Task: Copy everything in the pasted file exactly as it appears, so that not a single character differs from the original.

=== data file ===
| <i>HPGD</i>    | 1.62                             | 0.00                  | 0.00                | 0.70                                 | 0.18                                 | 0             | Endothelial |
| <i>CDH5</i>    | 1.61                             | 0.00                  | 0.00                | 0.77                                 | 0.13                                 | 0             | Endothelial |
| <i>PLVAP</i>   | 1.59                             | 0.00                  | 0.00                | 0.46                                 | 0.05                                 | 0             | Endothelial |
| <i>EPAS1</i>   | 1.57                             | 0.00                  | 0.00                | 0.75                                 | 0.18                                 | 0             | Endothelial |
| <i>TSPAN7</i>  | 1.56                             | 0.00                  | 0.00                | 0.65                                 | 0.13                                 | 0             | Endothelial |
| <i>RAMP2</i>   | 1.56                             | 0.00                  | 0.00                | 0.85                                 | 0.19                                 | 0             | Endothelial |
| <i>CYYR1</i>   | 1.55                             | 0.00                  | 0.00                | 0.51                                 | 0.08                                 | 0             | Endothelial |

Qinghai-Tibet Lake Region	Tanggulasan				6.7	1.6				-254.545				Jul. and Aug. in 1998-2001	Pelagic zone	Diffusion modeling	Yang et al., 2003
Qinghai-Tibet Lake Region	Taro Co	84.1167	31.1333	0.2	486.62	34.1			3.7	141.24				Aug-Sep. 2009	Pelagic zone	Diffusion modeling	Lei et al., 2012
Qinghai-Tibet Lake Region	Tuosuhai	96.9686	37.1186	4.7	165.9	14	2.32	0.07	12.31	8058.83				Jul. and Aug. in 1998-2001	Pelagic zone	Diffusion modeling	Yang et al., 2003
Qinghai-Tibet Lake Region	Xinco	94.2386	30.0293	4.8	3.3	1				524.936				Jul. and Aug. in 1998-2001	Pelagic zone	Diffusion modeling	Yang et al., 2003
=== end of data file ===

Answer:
| <i>HPGD</i>    | 1.62                             | 0.00                  | 0.00                | 0.70                                 | 0.18                                 | 0             | Endothelial |
| <i>CDH5</i>    | 1.61                             | 0.00                  | 0.00                | 0.77                                 | 0.13                                 | 0             | Endothelial |
| <i>PLVAP</i>   | 1.59                             | 0.00                  | 0.00                | 0.46                                 | 0.05                                 | 0             | Endothelial |
| <i>EPAS1</i>   | 1.57                             | 0.00                  | 0.00                | 0.75                                 | 0.18                                 | 0             | Endothelial |
| <i>TSPAN7</i>  | 1.56                             | 0.00                  | 0.00                | 0.65                                 | 0.13                                 | 0             | Endothelial |
| <i>RAMP2</i>   | 1.56                             | 0.00                  | 0.00                | 0.85                                 | 0.19                                 | 0             | Endothelial |
| <i>CYYR1</i>   | 1.55                             | 0.00                  | 0.00                | 0.51                                 | 0.08                                 | 0             | Endothelial |

Qinghai-Tibet Lake Region	Tanggulasan				6.7	1.6				-254.545				Jul. and Aug. in 1998-2001	Pelagic zone	Diffusion modeling	Yang et al., 2003
Qinghai-Tibet Lake Region	Taro Co	84.1167	31.1333	0.2	486.62	34.1			3.7	141.24				Aug-Sep. 2009	Pelagic zone	Diffusion modeling	Lei et al., 2012
Qinghai-Tibet Lake Region	Tuosuhai	96.9686	37.1186	4.7	165.9	14	2.32	0.07	12.31	8058.83				Jul. and Aug. in 1998-2001	Pelagic zone	Diffusion modeling	Yang et al., 2003
Qinghai-Tibet Lake Region	Xinco	94.2386	30.0293	4.8	3.3	1				524.936				Jul. and Aug. in 1998-2001	Pelagic zone	Diffusion modeling	Yang et al., 2003